Apr 05, 2006 (10:04 AM EDT)
Microsoft: Our Bugs Aren't The Only Problem
Read the Original Article at InformationWeek
Attacks that rely on "social engineering" tricks to fool users into visiting malicious Web sites are just as dangerous as any that exploit software vulnerabilities, a Microsoft security researcher argued this week.
According to Matt Braverman, a program manager with Microsoft's Anti-Malware Technology Team, data from the group's Malicious Software Removal Tool shows that dupes are as crucial to attackers as bugs.
February's update of the Malicious Software Removal Tool -- the utility is refreshed on the same schedule Microsoft uses to release security patches -- discovered an unusually high number of Alcan.b worms on users' PCs.
Microsoft's cleaning utility runs on about 250 million computers each month, said Braverman, and after its Feb. 14 update, it detected Alcan.b on more than 250,000 machines, or one-tenth of one percent.
"[That was] easily the top detection for the month," said Braverman. "Compare this to the MyWife.e worm (aka CME-24), which we removed from approximately 40,000 computers in February.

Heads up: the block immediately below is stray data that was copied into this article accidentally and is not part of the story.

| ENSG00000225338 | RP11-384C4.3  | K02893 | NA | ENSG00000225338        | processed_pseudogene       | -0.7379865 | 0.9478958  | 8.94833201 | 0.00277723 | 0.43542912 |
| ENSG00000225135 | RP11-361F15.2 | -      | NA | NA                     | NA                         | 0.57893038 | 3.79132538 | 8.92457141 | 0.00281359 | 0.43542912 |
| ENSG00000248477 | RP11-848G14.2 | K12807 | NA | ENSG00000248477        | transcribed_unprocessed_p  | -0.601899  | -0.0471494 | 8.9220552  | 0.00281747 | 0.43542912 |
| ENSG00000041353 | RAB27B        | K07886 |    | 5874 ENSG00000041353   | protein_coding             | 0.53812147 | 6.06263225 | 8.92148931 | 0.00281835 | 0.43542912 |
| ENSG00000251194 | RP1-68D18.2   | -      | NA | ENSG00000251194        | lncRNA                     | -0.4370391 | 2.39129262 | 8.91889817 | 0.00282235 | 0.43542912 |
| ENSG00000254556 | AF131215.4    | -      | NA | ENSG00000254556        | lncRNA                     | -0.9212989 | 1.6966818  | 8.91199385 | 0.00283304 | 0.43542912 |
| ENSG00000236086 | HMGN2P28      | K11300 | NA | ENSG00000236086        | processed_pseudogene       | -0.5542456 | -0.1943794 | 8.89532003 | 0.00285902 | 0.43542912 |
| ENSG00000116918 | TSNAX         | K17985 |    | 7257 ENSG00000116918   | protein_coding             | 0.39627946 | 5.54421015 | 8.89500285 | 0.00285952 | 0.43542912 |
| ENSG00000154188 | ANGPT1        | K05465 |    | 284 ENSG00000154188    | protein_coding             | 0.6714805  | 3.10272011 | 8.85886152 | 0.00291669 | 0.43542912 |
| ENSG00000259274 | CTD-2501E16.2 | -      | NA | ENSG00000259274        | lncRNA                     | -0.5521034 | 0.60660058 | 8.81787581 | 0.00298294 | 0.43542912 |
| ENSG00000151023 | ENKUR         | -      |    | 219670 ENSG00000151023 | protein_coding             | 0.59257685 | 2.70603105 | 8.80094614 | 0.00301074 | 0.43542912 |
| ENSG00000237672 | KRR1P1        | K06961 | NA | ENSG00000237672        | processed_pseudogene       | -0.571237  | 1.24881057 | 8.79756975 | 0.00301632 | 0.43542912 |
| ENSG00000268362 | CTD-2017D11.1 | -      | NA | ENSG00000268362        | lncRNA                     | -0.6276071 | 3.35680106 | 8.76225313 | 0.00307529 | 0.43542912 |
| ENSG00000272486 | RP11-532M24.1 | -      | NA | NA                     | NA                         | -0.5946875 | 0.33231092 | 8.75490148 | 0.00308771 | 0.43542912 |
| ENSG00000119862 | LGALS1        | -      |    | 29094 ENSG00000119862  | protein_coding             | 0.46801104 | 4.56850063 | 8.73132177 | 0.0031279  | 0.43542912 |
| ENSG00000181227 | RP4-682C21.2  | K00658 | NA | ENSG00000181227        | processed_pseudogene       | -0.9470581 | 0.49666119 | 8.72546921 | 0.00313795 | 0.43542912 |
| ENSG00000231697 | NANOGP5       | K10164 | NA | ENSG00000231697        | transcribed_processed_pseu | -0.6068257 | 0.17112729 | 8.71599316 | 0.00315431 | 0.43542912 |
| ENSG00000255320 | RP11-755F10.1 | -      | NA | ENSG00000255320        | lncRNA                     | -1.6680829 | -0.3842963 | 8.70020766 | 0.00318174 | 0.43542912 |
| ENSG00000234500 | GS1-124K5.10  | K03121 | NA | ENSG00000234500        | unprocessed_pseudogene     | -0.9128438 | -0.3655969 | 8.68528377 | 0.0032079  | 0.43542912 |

Left unsaid by Braverman, however, was that Alcan.b harked back to mid-2005, while MyWife appeared in January 2006; the additional months could have allowed Alcan.b to silently accumulate on otherwise-unprotected PCs, since Microsoft's removal tool wasn't equipped to detect and delete the worm until February.
"Alcan.b does not exploit any software vulnerabilities. Instead, it spreads through popular peer-to-peer applications and its prevalence is likely due to effective social engineering," claimed Braverman.
Social engineering refers to the low-tech techniques fraudsters, attackers, and other criminals use to dupe Internet users into giving up identity information (phishing) or trick them into clicking on links to Web sites under all kinds of pretenses. Once at those sites, however, the users is often infected with worms, viruses, Trojans, adware, or spyware.
"Threats like this reinforce the idea that malware that exploits user weakness can be as dangerous as those threats which exploit software vulnerabilities," said Braverman.
Microsoft often posts social engineering requirements in its security bulletins as a way to downplay threats posed by flaws in Windows or its other software. The company's most-frequently-used phrasing is "An attacker would have no way to force users to visit a malicious Web site. Instead, an attacker would have to persuade them to visit the Web site, typically by getting them to click a link that takes them to the attacker's site."
Coincidentally or not, Microsoft will issue one or more patches next week, April 11, including one for an Internet Explorer bug currently being exploited by attackers. That "createTextRange" vulnerability lets attacks hijack PCs in silent drive-by downloads, but requires that users be suckered into surfing to malicious sites.